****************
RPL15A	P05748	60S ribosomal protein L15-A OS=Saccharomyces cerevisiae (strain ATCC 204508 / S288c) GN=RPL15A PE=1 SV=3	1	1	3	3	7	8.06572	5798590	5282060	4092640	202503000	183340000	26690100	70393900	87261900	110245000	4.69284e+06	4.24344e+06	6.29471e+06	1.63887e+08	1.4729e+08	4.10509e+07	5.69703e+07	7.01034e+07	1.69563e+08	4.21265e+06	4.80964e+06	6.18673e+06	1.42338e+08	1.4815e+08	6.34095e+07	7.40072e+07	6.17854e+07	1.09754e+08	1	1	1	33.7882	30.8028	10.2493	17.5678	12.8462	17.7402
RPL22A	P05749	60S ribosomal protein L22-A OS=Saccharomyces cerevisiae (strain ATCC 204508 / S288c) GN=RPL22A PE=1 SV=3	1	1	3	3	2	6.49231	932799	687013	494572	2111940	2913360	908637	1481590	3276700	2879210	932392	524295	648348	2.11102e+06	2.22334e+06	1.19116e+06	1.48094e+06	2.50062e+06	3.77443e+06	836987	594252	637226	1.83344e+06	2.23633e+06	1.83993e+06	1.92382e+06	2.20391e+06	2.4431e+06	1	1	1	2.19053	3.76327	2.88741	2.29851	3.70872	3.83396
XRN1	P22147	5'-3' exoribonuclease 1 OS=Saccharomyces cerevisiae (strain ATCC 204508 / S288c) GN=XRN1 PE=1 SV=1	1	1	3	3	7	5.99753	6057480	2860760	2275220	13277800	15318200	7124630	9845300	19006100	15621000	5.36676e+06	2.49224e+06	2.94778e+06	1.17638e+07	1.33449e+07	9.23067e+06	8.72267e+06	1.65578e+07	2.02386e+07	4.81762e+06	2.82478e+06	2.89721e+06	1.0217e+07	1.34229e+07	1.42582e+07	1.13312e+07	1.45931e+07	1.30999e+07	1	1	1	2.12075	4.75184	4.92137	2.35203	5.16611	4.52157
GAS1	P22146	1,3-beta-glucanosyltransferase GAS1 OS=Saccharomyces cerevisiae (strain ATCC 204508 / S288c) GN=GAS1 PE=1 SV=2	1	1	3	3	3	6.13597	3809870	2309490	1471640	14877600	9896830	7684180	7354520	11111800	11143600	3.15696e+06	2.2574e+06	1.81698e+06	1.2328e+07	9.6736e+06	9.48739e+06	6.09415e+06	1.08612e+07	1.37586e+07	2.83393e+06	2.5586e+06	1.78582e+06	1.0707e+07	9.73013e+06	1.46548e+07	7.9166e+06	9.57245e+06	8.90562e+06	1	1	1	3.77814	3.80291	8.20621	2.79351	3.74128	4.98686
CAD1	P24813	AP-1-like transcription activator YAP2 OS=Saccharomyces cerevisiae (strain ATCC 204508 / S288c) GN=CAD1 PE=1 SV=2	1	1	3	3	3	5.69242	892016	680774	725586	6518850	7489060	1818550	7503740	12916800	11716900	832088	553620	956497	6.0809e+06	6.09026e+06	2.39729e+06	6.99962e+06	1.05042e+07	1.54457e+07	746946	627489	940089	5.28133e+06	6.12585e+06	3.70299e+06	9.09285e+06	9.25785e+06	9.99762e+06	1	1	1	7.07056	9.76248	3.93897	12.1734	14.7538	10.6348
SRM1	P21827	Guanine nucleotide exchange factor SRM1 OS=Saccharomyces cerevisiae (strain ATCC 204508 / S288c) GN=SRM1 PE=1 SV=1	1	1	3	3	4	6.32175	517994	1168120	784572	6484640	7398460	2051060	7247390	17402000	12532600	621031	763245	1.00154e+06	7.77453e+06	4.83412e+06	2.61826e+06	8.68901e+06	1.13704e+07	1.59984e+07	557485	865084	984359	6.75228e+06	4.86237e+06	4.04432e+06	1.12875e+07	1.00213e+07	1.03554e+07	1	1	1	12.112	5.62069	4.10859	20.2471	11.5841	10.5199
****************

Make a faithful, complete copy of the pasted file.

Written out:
RPL15A	P05748	60S ribosomal protein L15-A OS=Saccharomyces cerevisiae (strain ATCC 204508 / S288c) GN=RPL15A PE=1 SV=3	1	1	3	3	7	8.06572	5798590	5282060	4092640	202503000	183340000	26690100	70393900	87261900	110245000	4.69284e+06	4.24344e+06	6.29471e+06	1.63887e+08	1.4729e+08	4.10509e+07	5.69703e+07	7.01034e+07	1.69563e+08	4.21265e+06	4.80964e+06	6.18673e+06	1.42338e+08	1.4815e+08	6.34095e+07	7.40072e+07	6.17854e+07	1.09754e+08	1	1	1	33.7882	30.8028	10.2493	17.5678	12.8462	17.7402
RPL22A	P05749	60S ribosomal protein L22-A OS=Saccharomyces cerevisiae (strain ATCC 204508 / S288c) GN=RPL22A PE=1 SV=3	1	1	3	3	2	6.49231	932799	687013	494572	2111940	2913360	908637	1481590	3276700	2879210	932392	524295	648348	2.11102e+06	2.22334e+06	1.19116e+06	1.48094e+06	2.50062e+06	3.77443e+06	836987	594252	637226	1.83344e+06	2.23633e+06	1.83993e+06	1.92382e+06	2.20391e+06	2.4431e+06	1	1	1	2.19053	3.76327	2.88741	2.29851	3.70872	3.83396
XRN1	P22147	5'-3' exoribonuclease 1 OS=Saccharomyces cerevisiae (strain ATCC 204508 / S288c) GN=XRN1 PE=1 SV=1	1	1	3	3	7	5.99753	6057480	2860760	2275220	13277800	15318200	7124630	9845300	19006100	15621000	5.36676e+06	2.49224e+06	2.94778e+06	1.17638e+07	1.33449e+07	9.23067e+06	8.72267e+06	1.65578e+07	2.02386e+07	4.81762e+06	2.82478e+06	2.89721e+06	1.0217e+07	1.34229e+07	1.42582e+07	1.13312e+07	1.45931e+07	1.30999e+07	1	1	1	2.12075	4.75184	4.92137	2.35203	5.16611	4.52157
GAS1	P22146	1,3-beta-glucanosyltransferase GAS1 OS=Saccharomyces cerevisiae (strain ATCC 204508 / S288c) GN=GAS1 PE=1 SV=2	1	1	3	3	3	6.13597	3809870	2309490	1471640	14877600	9896830	7684180	7354520	11111800	11143600	3.15696e+06	2.2574e+06	1.81698e+06	1.2328e+07	9.6736e+06	9.48739e+06	6.09415e+06	1.08612e+07	1.37586e+07	2.83393e+06	2.5586e+06	1.78582e+06	1.0707e+07	9.73013e+06	1.46548e+07	7.9166e+06	9.57245e+06	8.90562e+06	1	1	1	3.77814	3.80291	8.20621	2.79351	3.74128	4.98686
CAD1	P24813	AP-1-like transcription activator YAP2 OS=Saccharomyces cerevisiae (strain ATCC 204508 / S288c) GN=CAD1 PE=1 SV=2	1	1	3	3	3	5.69242	892016	680774	725586	6518850	7489060	1818550	7503740	12916800	11716900	832088	553620	956497	6.0809e+06	6.09026e+06	2.39729e+06	6.99962e+06	1.05042e+07	1.54457e+07	746946	627489	940089	5.28133e+06	6.12585e+06	3.70299e+06	9.09285e+06	9.25785e+06	9.99762e+06	1	1	1	7.07056	9.76248	3.93897	12.1734	14.7538	10.6348
SRM1	P21827	Guanine nucleotide exchange factor SRM1 OS=Saccharomyces cerevisiae (strain ATCC 204508 / S288c) GN=SRM1 PE=1 SV=1	1	1	3	3	4	6.32175	517994	1168120	784572	6484640	7398460	2051060	7247390	17402000	12532600	621031	763245	1.00154e+06	7.77453e+06	4.83412e+06	2.61826e+06	8.68901e+06	1.13704e+07	1.59984e+07	557485	865084	984359	6.75228e+06	4.86237e+06	4.04432e+06	1.12875e+07	1.00213e+07	1.03554e+07	1	1	1	12.112	5.62069	4.10859	20.2471	11.5841	10.5199